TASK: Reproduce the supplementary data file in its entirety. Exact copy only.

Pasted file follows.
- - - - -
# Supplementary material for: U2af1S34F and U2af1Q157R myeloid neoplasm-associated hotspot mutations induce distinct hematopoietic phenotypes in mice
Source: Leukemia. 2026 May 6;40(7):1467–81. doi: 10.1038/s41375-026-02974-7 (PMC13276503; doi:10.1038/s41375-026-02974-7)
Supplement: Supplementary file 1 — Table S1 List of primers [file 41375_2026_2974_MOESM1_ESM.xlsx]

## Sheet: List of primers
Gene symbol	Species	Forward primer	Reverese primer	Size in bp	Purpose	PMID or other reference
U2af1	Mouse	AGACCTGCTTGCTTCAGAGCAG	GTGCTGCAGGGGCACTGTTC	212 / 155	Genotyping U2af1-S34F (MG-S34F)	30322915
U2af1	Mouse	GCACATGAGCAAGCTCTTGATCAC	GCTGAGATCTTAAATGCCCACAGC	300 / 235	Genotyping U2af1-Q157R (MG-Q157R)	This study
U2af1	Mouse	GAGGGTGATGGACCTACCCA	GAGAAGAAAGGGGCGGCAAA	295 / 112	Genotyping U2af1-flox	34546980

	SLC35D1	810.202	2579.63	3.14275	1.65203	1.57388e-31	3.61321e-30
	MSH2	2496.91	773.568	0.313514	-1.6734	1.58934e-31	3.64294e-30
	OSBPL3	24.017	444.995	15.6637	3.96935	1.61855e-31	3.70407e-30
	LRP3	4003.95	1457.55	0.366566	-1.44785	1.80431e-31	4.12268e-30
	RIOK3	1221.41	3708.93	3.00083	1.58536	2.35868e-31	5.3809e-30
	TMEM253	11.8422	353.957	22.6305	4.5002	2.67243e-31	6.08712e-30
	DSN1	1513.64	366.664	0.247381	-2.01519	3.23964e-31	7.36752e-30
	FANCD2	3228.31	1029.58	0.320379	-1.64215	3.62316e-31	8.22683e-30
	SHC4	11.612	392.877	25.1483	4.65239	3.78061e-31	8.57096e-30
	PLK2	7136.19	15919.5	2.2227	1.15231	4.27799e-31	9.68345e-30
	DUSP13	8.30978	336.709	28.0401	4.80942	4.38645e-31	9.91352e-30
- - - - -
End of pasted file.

# Supplementary material for: U2af1S34F and U2af1Q157R myeloid neoplasm-associated hotspot mutations induce distinct hematopoietic phenotypes in mice
Source: Leukemia. 2026 May 6;40(7):1467–81. doi: 10.1038/s41375-026-02974-7 (PMC13276503; doi:10.1038/s41375-026-02974-7)
Supplement: Supplementary file 1 — Table S1 List of primers [file 41375_2026_2974_MOESM1_ESM.xlsx]

## Sheet: List of primers
Gene symbol	Species	Forward primer	Reverese primer	Size in bp	Purpose	PMID or other reference
U2af1	Mouse	AGACCTGCTTGCTTCAGAGCAG	GTGCTGCAGGGGCACTGTTC	212 / 155	Genotyping U2af1-S34F (MG-S34F)	30322915
U2af1	Mouse	GCACATGAGCAAGCTCTTGATCAC	GCTGAGATCTTAAATGCCCACAGC	300 / 235	Genotyping U2af1-Q157R (MG-Q157R)	This study
U2af1	Mouse	GAGGGTGATGGACCTACCCA	GAGAAGAAAGGGGCGGCAAA	295 / 112	Genotyping U2af1-flox	34546980

	SLC35D1	810.202	2579.63	3.14275	1.65203	1.57388e-31	3.61321e-30
	MSH2	2496.91	773.568	0.313514	-1.6734	1.58934e-31	3.64294e-30
	OSBPL3	24.017	444.995	15.6637	3.96935	1.61855e-31	3.70407e-30
	LRP3	4003.95	1457.55	0.366566	-1.44785	1.80431e-31	4.12268e-30
	RIOK3	1221.41	3708.93	3.00083	1.58536	2.35868e-31	5.3809e-30
	TMEM253	11.8422	353.957	22.6305	4.5002	2.67243e-31	6.08712e-30
	DSN1	1513.64	366.664	0.247381	-2.01519	3.23964e-31	7.36752e-30
	FANCD2	3228.31	1029.58	0.320379	-1.64215	3.62316e-31	8.22683e-30
	SHC4	11.612	392.877	25.1483	4.65239	3.78061e-31	8.57096e-30
	PLK2	7136.19	15919.5	2.2227	1.15231	4.27799e-31	9.68345e-30
	DUSP13	8.30978	336.709	28.0401	4.80942	4.38645e-31	9.91352e-30